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Old 10-27-2004, 07:57 AM   #1
LinuxSeeker
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Preventing Linux from booting in Single User Mode


I am a Linux user and a Green Linux website owner. I know that there is a "vulnerability" in the Linux boot managers which allows anyone with physical access to the computer to change the "Root" password.

Can someone please describe in detail the steps required to secure both Lilo and Grub, so I can upload it to my website? As far as I know it involves setting up a password so that boot managers will not boot in single user mode without this password.

Thank you for your help.
 
Old 10-27-2004, 08:12 AM   #2
predator.hawk
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Generaly, I prefer to have single user mode and as this is an attack which can only be done localy, as long as people have comman sense they should be fine =).
 
Old 10-27-2004, 02:28 PM   #3
LinuxSeeker
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I understand, but I need to find out how to prevent the boot manager from loading the OS in single user mode to upload it in my website.
 
Old 10-28-2004, 06:07 AM   #4
Cerbere
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I don't know about Grub, never used it, but for lilo, you need to add the following to your lilo.conf file:
Code:
password=""
restricted
You can add these globally or to specific images. You need to specify 'restricted' so the machine will be able to reboot normally (not single-user mode) without entering a password. Then when you run lilo, to re-install the boot loader, you'll be prompted to set the password.

You can find more info by running 'man lilo.conf'.

Don't lull yourself into thinking that this adds much security, however. Anyone with physical access to the box can still use a boot disk to get access.

BTW It seems rather suspicious that you continually refer to doing this remotely, yet you're concerned about restricting those with physical access to the machine.

Enjoy!
--- Cerbere
 
Old 10-28-2004, 06:34 AM   #5
abisko00
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Before I get to the point, I would like to make a remark:

As soon as someone has physical access to the server, it will not help you protecting the boot manager with a password if there is a CD or floppy drive present. Using a bootable CD or floppy, everyone can get around your well-protected boot manager. Disabling those drives and setting a bios passwort will make it a little harder to get around this.

OK, here's a grub configuration:

simply set the parameter password=***** in menu.lst

If you would like to use an encryted password, you need to create it first on a console with the command grub-md5-crypt, this you type/paste as password -md5 ***** in menu.lst.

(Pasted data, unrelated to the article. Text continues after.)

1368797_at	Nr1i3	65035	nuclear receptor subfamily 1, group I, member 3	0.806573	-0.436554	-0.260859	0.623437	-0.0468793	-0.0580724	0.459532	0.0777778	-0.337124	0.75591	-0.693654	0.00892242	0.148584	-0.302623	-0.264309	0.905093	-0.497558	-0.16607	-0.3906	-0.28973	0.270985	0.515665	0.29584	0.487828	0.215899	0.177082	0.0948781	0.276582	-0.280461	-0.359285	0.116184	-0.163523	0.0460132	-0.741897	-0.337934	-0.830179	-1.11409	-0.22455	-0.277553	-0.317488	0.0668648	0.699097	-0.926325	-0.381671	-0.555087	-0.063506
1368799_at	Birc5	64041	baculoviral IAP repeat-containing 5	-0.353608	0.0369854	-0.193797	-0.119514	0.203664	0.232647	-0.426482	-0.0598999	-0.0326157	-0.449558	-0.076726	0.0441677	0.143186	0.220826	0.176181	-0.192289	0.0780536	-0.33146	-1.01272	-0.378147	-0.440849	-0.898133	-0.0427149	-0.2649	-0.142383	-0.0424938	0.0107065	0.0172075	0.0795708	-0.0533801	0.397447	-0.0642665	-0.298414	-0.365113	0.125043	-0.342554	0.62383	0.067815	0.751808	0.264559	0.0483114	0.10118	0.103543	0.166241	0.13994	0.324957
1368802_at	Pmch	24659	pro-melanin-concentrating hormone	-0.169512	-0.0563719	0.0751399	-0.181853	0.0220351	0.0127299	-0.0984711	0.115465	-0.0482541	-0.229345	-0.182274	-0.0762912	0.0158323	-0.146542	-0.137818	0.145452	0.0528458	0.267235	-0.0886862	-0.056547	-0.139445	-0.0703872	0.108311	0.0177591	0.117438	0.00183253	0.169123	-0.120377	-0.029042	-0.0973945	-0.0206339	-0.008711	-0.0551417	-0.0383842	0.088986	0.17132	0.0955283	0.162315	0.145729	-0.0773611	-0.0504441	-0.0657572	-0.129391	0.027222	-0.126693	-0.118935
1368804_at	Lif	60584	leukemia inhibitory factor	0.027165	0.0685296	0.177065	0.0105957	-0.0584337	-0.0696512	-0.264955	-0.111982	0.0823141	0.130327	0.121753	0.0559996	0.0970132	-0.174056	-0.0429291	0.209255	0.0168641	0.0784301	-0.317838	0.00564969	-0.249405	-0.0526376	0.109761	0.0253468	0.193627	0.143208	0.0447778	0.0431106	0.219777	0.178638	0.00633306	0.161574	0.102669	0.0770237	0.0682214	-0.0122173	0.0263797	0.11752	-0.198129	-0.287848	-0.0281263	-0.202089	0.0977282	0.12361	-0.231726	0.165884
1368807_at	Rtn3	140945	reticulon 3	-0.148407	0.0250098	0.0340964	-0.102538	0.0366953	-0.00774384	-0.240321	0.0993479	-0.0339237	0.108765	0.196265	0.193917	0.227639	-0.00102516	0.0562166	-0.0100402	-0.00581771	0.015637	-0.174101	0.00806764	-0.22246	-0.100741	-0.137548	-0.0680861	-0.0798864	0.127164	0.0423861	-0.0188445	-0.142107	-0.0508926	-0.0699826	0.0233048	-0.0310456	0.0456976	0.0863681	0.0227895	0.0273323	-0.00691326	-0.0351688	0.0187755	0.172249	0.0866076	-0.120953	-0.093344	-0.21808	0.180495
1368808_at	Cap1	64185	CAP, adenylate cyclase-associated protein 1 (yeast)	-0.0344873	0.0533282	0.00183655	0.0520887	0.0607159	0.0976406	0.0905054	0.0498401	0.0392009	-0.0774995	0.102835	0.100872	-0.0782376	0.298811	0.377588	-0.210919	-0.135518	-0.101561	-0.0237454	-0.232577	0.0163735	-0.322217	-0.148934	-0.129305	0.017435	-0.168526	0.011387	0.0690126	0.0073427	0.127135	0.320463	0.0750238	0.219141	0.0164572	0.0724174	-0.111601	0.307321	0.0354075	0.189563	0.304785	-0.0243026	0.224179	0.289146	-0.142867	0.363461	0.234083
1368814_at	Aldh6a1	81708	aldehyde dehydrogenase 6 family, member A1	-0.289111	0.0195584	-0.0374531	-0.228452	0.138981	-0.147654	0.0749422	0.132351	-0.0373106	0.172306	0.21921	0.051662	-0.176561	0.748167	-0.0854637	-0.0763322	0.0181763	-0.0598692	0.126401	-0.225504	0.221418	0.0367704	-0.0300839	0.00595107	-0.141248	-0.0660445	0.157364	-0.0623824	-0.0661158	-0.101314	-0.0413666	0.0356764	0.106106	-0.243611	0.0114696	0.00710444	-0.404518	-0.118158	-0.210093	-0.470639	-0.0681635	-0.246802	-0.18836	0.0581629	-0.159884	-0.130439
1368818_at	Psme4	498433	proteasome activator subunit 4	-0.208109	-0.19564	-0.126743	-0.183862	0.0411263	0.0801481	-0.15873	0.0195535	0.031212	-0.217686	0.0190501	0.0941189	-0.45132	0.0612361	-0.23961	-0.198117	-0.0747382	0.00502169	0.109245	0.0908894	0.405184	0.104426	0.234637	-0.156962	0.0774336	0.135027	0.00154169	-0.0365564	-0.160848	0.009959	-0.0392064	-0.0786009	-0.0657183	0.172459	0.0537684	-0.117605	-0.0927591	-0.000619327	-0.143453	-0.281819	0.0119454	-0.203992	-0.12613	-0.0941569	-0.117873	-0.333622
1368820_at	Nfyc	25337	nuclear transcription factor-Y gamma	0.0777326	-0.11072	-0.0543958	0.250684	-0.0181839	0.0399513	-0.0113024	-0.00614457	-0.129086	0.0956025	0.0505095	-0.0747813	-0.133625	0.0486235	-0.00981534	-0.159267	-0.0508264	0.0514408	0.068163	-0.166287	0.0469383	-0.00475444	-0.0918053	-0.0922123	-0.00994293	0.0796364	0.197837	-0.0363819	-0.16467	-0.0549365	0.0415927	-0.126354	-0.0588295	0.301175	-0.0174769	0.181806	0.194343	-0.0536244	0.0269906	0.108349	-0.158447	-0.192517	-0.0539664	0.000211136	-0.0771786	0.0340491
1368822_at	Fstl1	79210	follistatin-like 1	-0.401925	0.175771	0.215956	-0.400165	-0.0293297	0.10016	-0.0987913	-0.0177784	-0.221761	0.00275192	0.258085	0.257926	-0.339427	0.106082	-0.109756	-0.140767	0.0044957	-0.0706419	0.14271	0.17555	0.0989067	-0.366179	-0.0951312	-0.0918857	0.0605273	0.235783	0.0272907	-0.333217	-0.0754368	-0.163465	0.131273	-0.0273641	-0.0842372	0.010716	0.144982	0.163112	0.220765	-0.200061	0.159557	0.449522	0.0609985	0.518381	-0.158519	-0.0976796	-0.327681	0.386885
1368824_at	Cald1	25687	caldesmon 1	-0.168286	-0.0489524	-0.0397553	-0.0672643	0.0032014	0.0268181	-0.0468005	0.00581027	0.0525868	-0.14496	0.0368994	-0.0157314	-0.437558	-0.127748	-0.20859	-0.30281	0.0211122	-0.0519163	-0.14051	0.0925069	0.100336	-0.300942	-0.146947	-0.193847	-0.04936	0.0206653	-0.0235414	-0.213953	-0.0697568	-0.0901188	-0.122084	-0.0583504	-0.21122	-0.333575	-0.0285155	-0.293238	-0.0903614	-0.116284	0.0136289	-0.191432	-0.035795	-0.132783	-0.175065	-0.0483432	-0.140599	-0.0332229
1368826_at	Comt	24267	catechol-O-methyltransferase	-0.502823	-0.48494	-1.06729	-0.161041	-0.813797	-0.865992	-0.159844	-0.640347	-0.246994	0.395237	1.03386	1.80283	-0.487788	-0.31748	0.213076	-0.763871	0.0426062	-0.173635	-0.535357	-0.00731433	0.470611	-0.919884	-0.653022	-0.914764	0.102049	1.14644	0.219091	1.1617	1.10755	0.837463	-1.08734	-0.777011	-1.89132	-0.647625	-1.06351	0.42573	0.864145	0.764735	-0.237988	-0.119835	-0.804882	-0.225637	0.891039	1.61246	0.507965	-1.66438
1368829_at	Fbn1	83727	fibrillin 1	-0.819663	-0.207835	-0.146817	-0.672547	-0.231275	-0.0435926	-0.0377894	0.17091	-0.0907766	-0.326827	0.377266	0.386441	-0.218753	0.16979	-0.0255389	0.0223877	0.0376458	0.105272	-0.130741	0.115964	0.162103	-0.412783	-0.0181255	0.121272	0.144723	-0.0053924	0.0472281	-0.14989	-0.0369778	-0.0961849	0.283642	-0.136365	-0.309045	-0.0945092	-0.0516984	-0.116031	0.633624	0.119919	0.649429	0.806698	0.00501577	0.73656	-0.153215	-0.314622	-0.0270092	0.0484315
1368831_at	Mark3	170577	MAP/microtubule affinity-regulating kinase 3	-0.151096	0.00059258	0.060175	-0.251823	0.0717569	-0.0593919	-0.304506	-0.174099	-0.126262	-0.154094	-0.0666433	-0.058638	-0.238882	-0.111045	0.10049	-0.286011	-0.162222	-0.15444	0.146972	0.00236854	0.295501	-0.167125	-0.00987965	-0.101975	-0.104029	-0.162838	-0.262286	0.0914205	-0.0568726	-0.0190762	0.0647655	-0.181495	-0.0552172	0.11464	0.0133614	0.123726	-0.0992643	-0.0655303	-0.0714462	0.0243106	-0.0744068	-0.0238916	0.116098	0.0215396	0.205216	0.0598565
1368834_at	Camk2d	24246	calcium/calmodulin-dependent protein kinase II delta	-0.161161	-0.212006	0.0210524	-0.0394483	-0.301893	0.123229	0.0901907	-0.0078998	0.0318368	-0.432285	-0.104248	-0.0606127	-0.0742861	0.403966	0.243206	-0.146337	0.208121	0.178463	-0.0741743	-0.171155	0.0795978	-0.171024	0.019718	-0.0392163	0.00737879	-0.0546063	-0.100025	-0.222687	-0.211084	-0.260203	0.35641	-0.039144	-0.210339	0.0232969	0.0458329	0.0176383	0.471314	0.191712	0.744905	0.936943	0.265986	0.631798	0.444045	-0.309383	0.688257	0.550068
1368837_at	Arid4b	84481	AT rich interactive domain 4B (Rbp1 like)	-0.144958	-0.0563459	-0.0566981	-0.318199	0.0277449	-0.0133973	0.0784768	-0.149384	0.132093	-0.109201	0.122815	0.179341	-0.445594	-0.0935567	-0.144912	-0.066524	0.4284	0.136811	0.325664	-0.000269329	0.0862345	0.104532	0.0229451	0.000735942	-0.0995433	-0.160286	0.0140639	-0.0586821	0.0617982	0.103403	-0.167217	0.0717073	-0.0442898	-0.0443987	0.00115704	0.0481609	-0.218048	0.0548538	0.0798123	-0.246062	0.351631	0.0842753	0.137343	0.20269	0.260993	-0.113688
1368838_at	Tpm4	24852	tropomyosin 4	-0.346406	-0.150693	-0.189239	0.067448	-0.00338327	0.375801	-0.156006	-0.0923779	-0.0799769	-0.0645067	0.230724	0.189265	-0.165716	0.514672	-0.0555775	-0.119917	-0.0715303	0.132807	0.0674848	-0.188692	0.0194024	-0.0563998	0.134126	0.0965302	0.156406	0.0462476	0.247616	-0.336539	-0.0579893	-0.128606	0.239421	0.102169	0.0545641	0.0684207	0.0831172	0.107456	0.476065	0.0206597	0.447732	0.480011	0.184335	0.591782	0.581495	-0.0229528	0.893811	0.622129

If you would like to have different menus for the adminstrator and user, add the 'alternative' menu.lst to the password line:

password -md5 $1$91nYZ/$6VqqiGwU74JXhKK9TngRD /boot/grub/secret-menu.lst

This information is from a german grub HowTO and I did not test it!

http://www.4demon.com/t_system/grub-howto.html

Last edited by abisko00; 10-29-2004 at 09:59 AM.
 
Old 10-28-2004, 03:33 PM   #6
Fenster
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Well I agree with what everyone else said. If anyone gets physical access to your box, you're already screwed, so why disable single-user? Its increibly handly for un-borking your system if you don't something stupid.
 
Old 10-29-2004, 09:50 AM   #7
ugge
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You donšt have to entirely disable single user mode. set a secure enough password to enter single-user mode.
Don't know the procedure of hand.

As earlier stated, with physical access there is nothing called secure. The web a flooded with BIOS password recovery tools. Get a good lock on the server room, that should enhance the security.
 
Old 08-28-2009, 12:15 AM   #8
ashvaibhav
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Enable Authentication for Single-User Mode

Single-User mode is used for a system recovery. However, by default, no authentication is used if single-user mode is selected. This can be used to bypassing security on the server and gaining root access. To enable authentication for single-user mode, open the /etc/inittab, file:
# vi /etc/inittab
Add the following line to the file:
~~:S:wait:/sbin/sulogin
Save and close the file.

PS: This method is just for education purpose only. As stated above there is no use of preventing Single-User Mode if physical accessibility is there.

Source:http://www.cyberciti.biz/tips/tips-t...le-access.html
 
Old 08-28-2009, 07:12 AM   #9
win32sux
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ashvaibhav, please don't bring dead threads back to life (necroposting). We value your time and energy, and encourage you to spend it helping members with current issues. I'm closing this zombie thread so it may rest in peace.
 
  


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